Shell’s Wetselaar says not bullish on near-term gas prices, oil prices at artificial levels
The head of Shell’s global gas business said on Sept. 7 that he wasn’t bullish on natural gas prices in the near term, oil prices were at artificial levels due to suppressed demand and supply, and there was still a difficult time ahead for the global economy due to the coronavirus pandemic.
“I’m not a near-term bull. Clearly, you know, what happens tomorrow or next week is beyond my forecasting abilities. But I think there is still a difficult economic time ahead,” Maarten Wetselaar, Shell’s Integrated Gas & New Energies Director & Member of the Executive Committee, said.
“Looking on the oil side the pricing is at the moment rather artificial. There’s a lot of suppressed demand and a lot of suppressed supply,” he said, adding that it will be some time before the market can really be structurally bullish about energy prices.
Speaking at the opening session of the Gastech Virtual Summit, Wetselaar said getting a vaccine out, that works, to seven billion people has never been done before and will take some time.
Because of the uncertainty, Shell was planning for resilience and for the impact of COVID-19 to last for longer. “Not that we want to, but we need to,” he said.
Wetselaar denied that there were any regrets about Shell’s $53 billion acquisition of BG Group a few years ago, given the growing resistance to fossil fuels and the impact of the pandemic that triggered billions of dollars of asset write downs, saying the deal was done taking into account the cyclical nature of the business.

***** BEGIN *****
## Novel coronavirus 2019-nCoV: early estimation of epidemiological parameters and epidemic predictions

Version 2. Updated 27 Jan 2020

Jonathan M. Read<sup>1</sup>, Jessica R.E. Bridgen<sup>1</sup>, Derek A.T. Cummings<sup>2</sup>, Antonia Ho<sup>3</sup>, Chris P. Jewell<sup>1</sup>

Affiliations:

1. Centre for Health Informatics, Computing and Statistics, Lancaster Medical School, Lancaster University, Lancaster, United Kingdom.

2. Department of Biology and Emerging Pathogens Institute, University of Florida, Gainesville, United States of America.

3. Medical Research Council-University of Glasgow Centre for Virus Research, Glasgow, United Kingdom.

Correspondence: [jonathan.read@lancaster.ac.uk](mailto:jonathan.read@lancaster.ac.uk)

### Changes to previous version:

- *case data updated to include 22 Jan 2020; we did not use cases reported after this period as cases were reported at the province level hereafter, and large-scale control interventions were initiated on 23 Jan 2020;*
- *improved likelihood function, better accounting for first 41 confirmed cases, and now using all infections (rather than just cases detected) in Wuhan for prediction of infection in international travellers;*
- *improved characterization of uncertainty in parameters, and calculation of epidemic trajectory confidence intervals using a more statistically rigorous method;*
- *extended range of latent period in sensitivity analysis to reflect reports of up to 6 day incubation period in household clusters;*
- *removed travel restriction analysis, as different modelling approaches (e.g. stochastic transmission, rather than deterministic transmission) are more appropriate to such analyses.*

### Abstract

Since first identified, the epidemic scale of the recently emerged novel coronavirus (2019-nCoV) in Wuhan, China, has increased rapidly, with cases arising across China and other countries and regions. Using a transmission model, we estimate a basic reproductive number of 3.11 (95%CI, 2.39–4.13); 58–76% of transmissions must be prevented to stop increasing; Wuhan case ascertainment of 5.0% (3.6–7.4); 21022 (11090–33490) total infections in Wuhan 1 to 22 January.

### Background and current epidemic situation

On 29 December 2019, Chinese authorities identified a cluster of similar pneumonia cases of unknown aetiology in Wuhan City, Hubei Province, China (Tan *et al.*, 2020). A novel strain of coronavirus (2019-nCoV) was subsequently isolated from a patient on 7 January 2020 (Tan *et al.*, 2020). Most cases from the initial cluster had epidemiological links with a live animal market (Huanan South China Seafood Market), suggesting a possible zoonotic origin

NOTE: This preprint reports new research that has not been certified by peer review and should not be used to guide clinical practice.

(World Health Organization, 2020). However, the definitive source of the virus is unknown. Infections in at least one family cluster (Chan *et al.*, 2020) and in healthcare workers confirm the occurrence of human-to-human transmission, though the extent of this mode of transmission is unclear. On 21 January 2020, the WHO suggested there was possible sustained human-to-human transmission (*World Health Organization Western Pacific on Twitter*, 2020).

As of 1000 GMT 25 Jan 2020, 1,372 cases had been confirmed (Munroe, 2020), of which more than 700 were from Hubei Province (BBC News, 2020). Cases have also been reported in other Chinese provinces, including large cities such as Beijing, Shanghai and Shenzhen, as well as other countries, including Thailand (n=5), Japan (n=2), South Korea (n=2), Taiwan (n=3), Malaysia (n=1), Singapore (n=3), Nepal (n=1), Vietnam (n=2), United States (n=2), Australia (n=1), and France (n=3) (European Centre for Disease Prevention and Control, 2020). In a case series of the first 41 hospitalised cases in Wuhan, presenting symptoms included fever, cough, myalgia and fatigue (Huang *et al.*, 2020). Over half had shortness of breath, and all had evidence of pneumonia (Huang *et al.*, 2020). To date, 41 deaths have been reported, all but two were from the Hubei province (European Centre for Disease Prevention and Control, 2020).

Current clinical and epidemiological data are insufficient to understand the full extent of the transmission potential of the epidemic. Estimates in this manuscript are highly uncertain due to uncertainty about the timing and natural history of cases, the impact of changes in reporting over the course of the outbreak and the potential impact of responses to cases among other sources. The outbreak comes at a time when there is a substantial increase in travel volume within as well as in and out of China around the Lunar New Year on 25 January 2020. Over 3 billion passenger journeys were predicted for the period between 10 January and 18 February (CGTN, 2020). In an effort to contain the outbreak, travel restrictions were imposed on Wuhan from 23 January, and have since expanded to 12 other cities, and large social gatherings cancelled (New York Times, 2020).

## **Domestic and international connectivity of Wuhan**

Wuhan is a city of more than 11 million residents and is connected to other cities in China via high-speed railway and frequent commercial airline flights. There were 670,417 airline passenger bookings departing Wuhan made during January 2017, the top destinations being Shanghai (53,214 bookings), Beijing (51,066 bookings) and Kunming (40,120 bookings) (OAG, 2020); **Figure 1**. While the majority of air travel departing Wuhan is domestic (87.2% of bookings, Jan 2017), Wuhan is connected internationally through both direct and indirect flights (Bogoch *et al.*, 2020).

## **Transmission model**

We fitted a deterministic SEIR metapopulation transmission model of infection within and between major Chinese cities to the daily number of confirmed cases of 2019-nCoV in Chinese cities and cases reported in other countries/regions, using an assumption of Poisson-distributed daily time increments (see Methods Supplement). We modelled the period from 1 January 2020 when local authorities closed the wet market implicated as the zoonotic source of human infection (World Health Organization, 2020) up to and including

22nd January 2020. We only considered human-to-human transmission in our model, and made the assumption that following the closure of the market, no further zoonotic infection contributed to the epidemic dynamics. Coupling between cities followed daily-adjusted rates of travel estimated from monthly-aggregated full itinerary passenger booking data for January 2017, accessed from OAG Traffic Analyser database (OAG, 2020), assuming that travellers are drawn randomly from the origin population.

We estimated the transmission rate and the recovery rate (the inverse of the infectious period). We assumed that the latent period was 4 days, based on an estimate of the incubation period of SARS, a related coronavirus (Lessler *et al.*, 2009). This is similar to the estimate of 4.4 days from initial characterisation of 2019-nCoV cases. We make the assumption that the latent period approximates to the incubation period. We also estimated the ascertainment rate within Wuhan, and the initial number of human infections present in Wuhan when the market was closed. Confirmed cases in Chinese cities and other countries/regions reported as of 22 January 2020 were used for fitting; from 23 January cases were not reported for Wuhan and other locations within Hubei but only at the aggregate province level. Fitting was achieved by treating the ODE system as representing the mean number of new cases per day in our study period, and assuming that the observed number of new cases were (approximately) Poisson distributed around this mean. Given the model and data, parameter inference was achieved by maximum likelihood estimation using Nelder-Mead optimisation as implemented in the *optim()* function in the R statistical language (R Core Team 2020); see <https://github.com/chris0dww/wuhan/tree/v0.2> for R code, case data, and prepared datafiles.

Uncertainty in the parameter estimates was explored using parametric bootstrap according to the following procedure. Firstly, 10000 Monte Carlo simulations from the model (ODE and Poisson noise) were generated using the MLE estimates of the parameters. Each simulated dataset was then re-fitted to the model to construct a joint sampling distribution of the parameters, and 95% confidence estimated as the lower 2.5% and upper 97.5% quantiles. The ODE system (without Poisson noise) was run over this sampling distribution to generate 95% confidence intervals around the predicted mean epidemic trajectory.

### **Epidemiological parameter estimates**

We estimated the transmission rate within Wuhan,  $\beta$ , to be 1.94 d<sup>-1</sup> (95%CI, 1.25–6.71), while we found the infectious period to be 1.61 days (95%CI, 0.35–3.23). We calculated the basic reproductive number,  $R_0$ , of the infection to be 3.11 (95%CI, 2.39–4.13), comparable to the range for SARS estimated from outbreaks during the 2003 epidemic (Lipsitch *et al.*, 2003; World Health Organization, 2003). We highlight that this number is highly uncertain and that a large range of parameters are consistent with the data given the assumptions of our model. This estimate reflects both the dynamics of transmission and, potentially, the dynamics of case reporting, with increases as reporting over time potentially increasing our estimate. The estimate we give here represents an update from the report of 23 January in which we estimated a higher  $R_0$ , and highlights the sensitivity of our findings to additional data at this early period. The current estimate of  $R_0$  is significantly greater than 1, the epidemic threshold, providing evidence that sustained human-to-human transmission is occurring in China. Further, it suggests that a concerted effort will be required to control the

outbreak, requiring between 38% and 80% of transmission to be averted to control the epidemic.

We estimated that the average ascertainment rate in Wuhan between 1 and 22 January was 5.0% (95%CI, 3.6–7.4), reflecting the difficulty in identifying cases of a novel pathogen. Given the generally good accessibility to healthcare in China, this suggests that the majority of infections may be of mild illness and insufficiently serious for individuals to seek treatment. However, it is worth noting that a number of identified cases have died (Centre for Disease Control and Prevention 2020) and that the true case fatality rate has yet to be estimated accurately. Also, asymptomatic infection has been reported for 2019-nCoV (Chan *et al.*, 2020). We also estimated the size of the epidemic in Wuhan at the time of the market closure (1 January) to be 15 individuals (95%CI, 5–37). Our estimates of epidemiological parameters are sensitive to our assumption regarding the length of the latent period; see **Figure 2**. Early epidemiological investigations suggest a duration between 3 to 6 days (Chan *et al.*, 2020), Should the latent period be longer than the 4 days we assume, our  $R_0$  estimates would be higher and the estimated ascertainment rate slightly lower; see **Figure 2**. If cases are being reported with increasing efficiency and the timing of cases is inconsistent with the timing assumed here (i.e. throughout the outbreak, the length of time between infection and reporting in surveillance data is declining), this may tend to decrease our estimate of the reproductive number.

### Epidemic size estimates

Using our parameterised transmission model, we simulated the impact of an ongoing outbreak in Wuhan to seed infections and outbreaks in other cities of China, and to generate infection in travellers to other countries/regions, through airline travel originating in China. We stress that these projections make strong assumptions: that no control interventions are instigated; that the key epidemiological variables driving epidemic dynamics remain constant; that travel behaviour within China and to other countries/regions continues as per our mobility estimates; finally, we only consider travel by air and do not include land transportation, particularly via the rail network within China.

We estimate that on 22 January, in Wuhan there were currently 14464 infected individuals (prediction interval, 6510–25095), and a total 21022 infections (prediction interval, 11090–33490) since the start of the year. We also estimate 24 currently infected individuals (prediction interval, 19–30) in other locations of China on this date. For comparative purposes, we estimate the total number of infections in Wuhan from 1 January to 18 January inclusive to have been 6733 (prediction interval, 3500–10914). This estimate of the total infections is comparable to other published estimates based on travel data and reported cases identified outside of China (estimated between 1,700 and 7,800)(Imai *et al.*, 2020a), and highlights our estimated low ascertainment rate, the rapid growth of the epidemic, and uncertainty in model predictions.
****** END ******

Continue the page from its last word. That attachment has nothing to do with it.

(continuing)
He was also vocal about growing challenges for energy companies around methane emissions and how many were failing to recognize the challenge this will pose in future.
“We’ve made a lot of progress,” Wetselaar said. “Other companies have also signed up to [emissions] targets and are making real progress. [But] in the global gas industry we’re not even halfway there.”
“If people don’t want to attack their methane emissions because they simply don’t believe in the urgency, they should get ready for radical transparency because it won’t be long before satellites can measure the methane leaks and emissions from operational assets,” he said. “And then it doesn’t matter what you put in your annual report anymore and the whole world will be able to see what you do. So I do think the industry is not yet at the level of urgency that we want.”
Power sector returns
One of the key concerns raised by investors about oil companies transitioning to become energy and power companies is that the electricity business does not typically generate the 8% to 12% returns typical in the oil and gas business.
Wetselaar said the power market is set to totally transform and the original incumbents with large coal-fired fleets or gas fired fleets, and large centralized systems, will find it hard to transition, leaving room for companies like Shell to step in.
“Some of them will make it and some of them won’t,” he said, adding that returns in the new electricity market for energy companies will come from a number of areas such as a lot more financial engineering than the oil and gas side is used to.
He said the second key source of higher returns for oil and gas companies will be the integration of power generation, trading and customers, with a trading opportunity that has never been as large in the power business to date.
Big integrated energy players with a sophisticated trading operation like Shell can make more money than players restricted to a certain business segment, Wetselaar said, adding that customers that want to decarbonize like to do it with a thought leader.
“It’s very hard for a utility to play that [transitionary] role because they can’t. They are not at the starting point. They’re only at the finishing point with the green power,” he said. “I do believe that our total business is still in the 8%-12% returns range. And that is what we’re investing to achieve.”